"Victims? Don't be melodramatic. Look down there. Tell me. Would you really feel any pity if one of those dots stopped moving forever? If I offered you twenty thousand pounds for every dot that stopped, would you really, old man, tell me to keep my money, or would you calculate how many dots you could afford to spare? Free of income tax, old man. Free of income tax - the only way you can save money nowadays."

    1. Good! So you know what I mean by the middle-market entrepreneurial in, say, Southern Germany. My point is (and I have seen that in practice): when they invest in other countries, they bring their culture of corporate governance with them. That's part of what I mean by know-how transfer. I share your very critical view of Greece's ruling class. Realistically, one can never get rid of such a ruling class but one should make every effort to by-pass it.

      The Harry-Lime's, or rather investors with a short-term financial interest are the ones to stay away from. There are lots of Harry-Lime's in Germany, too, but the backbone of that economy is still the sheer endless number of middle-market companies whose culture you have described well.

  7. Great post as usual (I have been reading your blog for some time now, I think as a result of a link from Gemma in the Telegraph comment area).

    My observation, as someone who has assisted in a small way some well-known multinationals to optimize the efficiency and effectiveness of their global IT organizations, is that know-how transfer is the hardest thing to achieve. Particularly the seamless kind of knowledge transfer that is immediately documented and embedded, and which is facilitated by built-in mechanisms. And this is a problem in multinationals with shared visions and goals amongst the self-selecting and distributed workforce.

    With Greece, is their either the will or the skill to first assimilate the knowledge and then take advantage of it? You'll remember that a very generous German offer to send high-level tax experts to try to help Athens to improve its tax collection regime was knocked back as an insult and an affront to sovereignty. There have been many similar incidents over the past couple of years, in which offered assistance or advice has been knocked back.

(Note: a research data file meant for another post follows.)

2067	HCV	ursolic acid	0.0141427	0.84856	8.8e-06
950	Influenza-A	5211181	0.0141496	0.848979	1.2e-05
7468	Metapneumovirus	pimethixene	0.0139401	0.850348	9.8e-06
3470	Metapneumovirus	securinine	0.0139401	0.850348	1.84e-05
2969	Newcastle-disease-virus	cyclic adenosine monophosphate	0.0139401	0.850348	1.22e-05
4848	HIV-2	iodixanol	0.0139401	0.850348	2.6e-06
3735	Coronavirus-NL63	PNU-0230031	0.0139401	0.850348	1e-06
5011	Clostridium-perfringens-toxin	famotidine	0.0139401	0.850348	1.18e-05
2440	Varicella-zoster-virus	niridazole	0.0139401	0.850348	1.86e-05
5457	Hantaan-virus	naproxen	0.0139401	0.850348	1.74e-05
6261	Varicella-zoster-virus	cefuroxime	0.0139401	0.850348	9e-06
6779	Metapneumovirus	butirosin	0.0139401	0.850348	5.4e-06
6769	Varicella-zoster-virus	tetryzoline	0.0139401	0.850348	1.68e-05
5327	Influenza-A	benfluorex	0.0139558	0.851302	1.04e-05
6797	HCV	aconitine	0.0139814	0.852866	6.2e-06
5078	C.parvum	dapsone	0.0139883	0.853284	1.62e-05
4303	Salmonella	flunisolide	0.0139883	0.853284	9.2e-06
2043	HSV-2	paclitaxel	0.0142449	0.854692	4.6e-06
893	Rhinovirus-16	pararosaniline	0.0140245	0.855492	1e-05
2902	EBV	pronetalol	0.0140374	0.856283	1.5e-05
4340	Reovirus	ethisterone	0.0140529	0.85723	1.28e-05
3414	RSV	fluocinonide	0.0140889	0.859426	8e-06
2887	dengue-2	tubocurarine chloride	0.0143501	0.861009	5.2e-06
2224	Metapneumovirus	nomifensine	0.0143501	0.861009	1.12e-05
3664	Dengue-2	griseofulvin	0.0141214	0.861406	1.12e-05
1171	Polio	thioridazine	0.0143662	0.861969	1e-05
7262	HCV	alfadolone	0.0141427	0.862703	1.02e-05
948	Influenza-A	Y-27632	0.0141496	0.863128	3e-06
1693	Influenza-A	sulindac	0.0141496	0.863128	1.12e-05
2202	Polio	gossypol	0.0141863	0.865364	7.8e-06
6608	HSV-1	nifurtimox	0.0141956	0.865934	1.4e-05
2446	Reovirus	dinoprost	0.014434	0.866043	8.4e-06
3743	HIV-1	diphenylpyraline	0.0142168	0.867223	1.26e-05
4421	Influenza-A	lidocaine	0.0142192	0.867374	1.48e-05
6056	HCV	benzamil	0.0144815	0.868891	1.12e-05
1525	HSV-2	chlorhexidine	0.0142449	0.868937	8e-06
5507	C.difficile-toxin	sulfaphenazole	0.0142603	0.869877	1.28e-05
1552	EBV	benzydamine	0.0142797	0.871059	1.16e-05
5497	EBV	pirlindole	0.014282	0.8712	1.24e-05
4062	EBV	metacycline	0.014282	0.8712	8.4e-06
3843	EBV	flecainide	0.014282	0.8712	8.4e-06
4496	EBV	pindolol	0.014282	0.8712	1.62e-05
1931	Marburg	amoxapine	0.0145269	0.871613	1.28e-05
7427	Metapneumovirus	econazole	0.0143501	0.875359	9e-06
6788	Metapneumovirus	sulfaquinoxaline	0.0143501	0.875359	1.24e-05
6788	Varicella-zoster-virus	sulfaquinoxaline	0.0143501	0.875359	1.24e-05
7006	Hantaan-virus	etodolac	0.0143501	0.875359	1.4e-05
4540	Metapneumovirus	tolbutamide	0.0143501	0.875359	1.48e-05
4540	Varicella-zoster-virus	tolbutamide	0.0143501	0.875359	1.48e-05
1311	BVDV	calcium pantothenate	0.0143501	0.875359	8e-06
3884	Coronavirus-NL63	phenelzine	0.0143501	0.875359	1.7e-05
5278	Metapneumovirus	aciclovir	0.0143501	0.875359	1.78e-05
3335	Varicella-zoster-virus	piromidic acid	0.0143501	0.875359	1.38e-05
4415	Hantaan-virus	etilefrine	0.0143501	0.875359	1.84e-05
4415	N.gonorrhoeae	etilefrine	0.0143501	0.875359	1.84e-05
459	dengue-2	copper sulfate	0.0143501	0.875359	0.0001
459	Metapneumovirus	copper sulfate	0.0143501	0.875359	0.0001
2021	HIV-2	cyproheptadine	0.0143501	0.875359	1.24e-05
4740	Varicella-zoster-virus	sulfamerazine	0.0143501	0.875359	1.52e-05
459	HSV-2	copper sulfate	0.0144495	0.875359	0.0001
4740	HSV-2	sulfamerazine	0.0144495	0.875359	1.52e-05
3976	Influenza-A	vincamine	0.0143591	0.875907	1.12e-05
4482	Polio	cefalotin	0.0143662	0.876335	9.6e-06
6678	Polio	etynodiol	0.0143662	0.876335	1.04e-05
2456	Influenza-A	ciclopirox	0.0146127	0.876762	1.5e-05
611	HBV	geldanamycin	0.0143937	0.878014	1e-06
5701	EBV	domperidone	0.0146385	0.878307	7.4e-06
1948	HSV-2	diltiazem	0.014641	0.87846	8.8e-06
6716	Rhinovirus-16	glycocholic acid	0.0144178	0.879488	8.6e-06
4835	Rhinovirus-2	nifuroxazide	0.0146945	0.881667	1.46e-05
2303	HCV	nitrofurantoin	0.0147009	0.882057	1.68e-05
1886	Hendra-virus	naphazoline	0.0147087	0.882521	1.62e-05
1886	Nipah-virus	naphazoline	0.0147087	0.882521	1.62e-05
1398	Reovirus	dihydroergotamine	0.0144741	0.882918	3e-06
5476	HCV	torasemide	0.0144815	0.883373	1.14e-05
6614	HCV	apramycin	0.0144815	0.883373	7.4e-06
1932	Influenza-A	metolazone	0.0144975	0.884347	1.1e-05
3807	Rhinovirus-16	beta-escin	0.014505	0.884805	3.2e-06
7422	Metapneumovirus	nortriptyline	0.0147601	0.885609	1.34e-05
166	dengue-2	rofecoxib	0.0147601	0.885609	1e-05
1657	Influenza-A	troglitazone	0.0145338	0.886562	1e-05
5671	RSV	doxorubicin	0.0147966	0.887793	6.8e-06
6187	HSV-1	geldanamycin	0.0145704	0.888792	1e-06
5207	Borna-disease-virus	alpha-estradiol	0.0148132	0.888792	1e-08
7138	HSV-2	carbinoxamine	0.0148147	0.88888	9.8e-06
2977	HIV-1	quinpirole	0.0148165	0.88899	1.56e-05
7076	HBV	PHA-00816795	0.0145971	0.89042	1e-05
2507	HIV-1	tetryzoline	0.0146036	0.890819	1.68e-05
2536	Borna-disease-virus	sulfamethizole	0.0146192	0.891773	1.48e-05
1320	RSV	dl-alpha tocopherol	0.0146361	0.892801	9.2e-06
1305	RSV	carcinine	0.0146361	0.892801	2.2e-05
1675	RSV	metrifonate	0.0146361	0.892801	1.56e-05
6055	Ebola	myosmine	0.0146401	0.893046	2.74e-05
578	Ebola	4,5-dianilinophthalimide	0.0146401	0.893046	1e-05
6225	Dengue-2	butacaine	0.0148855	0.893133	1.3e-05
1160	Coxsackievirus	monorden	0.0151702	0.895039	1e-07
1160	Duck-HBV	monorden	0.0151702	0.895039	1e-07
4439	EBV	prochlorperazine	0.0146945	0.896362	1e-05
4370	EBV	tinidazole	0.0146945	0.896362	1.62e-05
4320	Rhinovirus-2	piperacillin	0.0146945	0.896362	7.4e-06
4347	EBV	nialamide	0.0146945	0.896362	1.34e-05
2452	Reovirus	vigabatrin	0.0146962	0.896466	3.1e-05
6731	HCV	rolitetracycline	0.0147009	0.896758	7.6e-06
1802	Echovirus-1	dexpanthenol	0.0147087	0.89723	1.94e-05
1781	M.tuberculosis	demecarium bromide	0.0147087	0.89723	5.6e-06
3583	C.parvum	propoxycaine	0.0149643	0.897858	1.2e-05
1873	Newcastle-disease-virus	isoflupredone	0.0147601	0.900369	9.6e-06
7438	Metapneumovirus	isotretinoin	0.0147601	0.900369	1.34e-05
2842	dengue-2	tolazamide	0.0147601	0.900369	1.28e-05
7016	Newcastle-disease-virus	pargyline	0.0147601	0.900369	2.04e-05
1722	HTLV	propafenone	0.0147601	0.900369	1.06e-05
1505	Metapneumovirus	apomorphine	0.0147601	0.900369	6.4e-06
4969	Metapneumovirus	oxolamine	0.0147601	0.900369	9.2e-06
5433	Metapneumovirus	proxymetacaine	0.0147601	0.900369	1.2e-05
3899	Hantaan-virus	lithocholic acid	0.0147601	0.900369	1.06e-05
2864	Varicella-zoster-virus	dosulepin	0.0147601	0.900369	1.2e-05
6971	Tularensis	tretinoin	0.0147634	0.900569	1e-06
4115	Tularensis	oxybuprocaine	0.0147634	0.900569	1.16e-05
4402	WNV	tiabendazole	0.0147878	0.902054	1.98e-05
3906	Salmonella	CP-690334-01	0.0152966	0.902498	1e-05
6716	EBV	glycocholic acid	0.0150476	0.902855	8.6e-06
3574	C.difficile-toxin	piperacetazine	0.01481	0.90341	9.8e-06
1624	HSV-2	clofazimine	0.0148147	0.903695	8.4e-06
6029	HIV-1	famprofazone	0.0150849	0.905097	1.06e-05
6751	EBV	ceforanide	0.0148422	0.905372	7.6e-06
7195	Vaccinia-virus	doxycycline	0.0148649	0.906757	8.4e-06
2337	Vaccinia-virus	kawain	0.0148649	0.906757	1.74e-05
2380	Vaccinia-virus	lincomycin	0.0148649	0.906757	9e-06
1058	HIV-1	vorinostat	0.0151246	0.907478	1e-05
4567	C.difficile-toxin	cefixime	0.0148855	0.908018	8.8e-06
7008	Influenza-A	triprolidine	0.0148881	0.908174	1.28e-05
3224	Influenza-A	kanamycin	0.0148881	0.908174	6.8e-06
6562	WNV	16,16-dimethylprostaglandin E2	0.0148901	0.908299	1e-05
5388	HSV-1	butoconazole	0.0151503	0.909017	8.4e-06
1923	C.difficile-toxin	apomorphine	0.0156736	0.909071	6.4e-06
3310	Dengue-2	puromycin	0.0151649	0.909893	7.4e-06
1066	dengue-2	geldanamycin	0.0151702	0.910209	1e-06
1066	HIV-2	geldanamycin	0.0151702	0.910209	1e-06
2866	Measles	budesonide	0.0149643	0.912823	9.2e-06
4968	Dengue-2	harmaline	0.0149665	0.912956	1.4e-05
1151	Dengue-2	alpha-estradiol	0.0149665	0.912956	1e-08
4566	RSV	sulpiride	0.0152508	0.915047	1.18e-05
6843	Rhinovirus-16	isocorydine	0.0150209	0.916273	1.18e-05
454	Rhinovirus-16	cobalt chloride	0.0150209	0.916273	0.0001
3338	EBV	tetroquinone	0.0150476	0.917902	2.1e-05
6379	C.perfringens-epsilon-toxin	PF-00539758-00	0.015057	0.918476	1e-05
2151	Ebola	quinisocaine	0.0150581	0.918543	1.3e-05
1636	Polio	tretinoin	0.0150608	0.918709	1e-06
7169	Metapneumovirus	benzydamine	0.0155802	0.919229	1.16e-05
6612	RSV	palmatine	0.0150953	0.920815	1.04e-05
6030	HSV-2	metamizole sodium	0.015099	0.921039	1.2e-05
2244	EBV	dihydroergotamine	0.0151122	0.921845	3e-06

I genuinely think that Greece is consciously or unconsciously rejecting 'development', 'modernization', 'liberalization' measures like a body rejects a donated organ when there is not an exact match. Hence the rise in support for extreme parties of the right and left in the polls - surely a throwback to less happy periods in Greek history.

    Two years after the state ceased being able to pay its bills without outside help, there's still foot-dragging at all levels of society over implementing the most basic measures to reform and resolve the clientilist political culture, non-functioning administration, widespread corruption in both public and private sectors, and endemic tax evasion.

    An economic development plan built on the Greece of today would be no more than building a house on sand. There must first be a mental change of direction and a collective determination to wean the state out of the old bad habits of spending more than it collects in revenues. But at the moment this cannot happen because the politicians, knowing too well the electorate they serve, will promise, rather than the needed belt tightening, the usual goodies for all to get votes.